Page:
Cleaning up explosives is a job best left to robots. What demining robots lack in human dexterity they more than make up in expendability, and the ability to send even a pricey robot to clear explosives gives battlefield commanders much better options when trying to navigate a dangerous area. To that end, the Russian Ministry of Defense announced it is acquiring 12 more Uran-6 demining robots in 2019.
The Uran-6 isn’t the flashiest robot, but it has seen operational use in Syria. While much attention has gone to the potential and implications of its sibling, the armed Uran-9 robot vehicle, combat performance for the Uran-9 suggests further refinement is needed before it can be an asset and not a liability in combat. No such hesitations appear to exist with the Uran-6s that were present in Syria as proof-of-concept and technology demonstrations.
“The Ministry of Defense said on several occasions that this UGV performed well in Syria, so we are to expect that these 12 are not the last vehicles of its kind to enter Russian service,” says Samuel Bendett, a research analyst at the Center for Naval Analyses. “The Ministry feels confident enough with Uran-6 to start accepting it into service. In Syria, it did not experience the range of issues that plagued Uran-9 trials.”
Demining in places where it has active combat operations in support of local allies is an obvious use case for robots like Uran-9, but it’s hardly the only one. Once deployed, mines are a persistent threat until actively removed or detonated accidentally, which means there’s a sort of humanitarian mission possible for robots like the Uran-6.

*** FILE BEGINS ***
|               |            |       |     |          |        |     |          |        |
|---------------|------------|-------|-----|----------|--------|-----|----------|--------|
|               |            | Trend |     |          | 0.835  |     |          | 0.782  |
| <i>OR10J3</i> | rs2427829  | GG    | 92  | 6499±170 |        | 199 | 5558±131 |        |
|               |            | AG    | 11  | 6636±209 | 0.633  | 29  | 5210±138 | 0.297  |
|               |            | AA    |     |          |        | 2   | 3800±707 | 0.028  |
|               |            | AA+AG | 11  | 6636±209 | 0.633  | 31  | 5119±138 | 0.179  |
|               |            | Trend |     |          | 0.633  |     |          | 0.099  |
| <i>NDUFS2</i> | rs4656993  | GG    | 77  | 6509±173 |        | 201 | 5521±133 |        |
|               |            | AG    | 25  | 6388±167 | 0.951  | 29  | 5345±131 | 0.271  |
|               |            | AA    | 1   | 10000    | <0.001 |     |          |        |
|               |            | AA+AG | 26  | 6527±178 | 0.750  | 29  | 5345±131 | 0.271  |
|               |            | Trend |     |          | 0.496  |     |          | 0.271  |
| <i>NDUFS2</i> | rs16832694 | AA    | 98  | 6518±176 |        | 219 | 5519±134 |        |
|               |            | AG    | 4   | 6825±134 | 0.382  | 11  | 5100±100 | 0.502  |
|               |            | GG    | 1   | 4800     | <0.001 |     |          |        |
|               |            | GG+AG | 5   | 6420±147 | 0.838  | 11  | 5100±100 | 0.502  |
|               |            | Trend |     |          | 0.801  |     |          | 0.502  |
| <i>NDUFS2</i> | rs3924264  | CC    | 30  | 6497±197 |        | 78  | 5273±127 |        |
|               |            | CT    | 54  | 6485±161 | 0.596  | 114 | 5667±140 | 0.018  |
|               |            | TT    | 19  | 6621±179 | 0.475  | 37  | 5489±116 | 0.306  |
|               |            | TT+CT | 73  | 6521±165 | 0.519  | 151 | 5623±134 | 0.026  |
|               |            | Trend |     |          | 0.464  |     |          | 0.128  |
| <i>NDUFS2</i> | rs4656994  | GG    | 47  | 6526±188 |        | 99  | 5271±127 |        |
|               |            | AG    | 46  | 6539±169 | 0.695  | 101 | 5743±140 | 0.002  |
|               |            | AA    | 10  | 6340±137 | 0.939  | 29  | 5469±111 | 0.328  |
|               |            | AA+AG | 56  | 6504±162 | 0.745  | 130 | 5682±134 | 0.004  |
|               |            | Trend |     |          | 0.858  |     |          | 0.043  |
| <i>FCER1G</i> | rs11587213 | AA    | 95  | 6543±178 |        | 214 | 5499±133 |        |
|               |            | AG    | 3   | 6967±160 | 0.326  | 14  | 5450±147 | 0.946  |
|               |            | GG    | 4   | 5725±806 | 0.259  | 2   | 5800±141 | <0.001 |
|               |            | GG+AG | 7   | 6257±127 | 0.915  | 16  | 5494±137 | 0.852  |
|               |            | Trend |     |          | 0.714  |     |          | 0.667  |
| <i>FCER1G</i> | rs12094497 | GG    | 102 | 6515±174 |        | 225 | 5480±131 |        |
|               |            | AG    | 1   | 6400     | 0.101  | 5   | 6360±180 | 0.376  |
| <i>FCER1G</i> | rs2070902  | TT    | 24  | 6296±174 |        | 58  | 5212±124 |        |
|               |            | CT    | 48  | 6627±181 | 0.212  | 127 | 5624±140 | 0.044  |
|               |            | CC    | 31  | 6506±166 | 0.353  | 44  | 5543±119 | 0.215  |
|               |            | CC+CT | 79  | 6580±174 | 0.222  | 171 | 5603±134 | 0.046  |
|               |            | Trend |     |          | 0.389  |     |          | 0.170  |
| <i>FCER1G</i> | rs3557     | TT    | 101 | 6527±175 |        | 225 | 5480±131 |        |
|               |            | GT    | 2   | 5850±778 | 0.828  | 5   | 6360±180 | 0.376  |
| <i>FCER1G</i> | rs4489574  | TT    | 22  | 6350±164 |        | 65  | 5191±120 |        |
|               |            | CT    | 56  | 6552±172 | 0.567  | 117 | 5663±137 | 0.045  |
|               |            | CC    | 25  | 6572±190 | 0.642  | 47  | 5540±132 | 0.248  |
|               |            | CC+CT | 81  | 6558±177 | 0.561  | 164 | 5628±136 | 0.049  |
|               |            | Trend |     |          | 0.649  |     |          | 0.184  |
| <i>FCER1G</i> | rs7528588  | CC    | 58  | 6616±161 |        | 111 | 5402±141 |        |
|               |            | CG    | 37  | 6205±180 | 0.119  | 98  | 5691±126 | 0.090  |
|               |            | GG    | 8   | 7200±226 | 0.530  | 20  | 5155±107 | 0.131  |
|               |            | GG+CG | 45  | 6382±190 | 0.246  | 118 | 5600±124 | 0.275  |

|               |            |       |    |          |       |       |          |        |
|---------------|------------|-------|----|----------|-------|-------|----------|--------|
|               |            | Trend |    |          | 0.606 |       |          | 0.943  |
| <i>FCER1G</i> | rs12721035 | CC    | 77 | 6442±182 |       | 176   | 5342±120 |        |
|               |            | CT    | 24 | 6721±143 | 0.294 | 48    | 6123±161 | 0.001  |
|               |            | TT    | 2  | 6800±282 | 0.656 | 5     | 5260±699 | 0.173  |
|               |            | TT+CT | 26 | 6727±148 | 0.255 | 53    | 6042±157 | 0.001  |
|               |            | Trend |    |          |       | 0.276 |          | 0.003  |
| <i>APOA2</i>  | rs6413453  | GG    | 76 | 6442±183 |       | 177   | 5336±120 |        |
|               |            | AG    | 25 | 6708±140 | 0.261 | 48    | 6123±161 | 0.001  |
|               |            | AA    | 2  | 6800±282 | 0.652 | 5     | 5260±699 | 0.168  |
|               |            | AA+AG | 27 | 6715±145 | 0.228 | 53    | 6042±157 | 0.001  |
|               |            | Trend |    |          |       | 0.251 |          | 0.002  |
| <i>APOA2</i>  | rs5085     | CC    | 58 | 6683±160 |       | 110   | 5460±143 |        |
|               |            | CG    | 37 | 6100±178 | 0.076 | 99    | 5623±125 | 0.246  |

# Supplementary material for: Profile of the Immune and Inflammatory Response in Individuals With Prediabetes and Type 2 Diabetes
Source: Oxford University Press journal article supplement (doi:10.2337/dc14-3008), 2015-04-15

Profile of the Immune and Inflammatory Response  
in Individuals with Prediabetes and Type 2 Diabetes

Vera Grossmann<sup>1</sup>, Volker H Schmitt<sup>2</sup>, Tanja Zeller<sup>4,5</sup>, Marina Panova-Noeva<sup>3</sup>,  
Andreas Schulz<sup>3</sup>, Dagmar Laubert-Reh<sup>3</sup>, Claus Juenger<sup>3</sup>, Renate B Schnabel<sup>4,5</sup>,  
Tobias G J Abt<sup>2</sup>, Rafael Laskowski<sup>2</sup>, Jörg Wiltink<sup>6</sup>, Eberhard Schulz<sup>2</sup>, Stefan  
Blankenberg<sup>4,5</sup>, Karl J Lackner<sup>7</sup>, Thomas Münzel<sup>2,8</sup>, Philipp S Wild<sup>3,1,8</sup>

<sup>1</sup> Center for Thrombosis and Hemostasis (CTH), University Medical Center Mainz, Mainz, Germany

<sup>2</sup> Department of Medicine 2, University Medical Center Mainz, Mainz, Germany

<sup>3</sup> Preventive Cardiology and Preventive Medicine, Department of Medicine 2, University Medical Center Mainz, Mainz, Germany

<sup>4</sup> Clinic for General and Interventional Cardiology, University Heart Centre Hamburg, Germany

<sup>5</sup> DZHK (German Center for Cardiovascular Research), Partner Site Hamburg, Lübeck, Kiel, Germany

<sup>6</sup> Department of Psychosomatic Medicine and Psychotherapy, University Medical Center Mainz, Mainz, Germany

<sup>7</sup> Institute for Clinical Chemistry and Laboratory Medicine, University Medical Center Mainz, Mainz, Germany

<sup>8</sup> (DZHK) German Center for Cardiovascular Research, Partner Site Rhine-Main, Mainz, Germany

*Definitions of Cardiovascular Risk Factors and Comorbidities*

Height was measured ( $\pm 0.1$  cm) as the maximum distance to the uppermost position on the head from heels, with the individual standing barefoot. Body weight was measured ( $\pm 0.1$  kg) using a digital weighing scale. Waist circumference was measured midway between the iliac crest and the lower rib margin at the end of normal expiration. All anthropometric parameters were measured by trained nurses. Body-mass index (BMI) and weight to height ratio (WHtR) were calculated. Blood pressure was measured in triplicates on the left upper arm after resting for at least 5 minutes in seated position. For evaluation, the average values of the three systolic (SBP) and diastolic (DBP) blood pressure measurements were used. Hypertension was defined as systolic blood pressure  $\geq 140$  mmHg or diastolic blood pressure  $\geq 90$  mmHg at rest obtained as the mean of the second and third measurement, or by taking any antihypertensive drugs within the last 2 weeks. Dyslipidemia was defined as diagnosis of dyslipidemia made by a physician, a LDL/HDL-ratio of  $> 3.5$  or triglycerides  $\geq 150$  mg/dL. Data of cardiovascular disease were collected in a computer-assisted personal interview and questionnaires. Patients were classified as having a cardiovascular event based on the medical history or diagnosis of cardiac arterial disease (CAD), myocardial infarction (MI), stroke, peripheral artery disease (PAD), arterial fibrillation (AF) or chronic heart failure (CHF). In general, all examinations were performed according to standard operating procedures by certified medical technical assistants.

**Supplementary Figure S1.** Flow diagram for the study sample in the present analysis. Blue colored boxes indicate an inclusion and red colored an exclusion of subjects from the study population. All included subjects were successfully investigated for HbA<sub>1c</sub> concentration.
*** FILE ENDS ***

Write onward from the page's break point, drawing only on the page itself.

“Right now, this UGV is used in Syria — but Russians also made a big deal of clearing “American mines” in Laos recently, ordnance left over from the Vietnam War,” says Bendett. “While we did not see Uran-6 in that mission, its expected that as this UGV will become more widespread across Russian engineers forces, we may see it in future combat, as well as friendly missions where Russian forces will help clear unexploded ordnance.”
On the scale of military acquisitions, 12 specialized robots is modest, but it suggests a capability that is seen as useful and worth expanding. Robots that can clear paths through explosive barriers will remain valuable as long as war features mines.
Kelsey Atherton blogs about military technology for C4ISRNET, Fifth Domain, Defense News, and Military Times. He previously wrote for Popular Science, and also created, solicited, and edited content for a group blog on political science fiction and international security.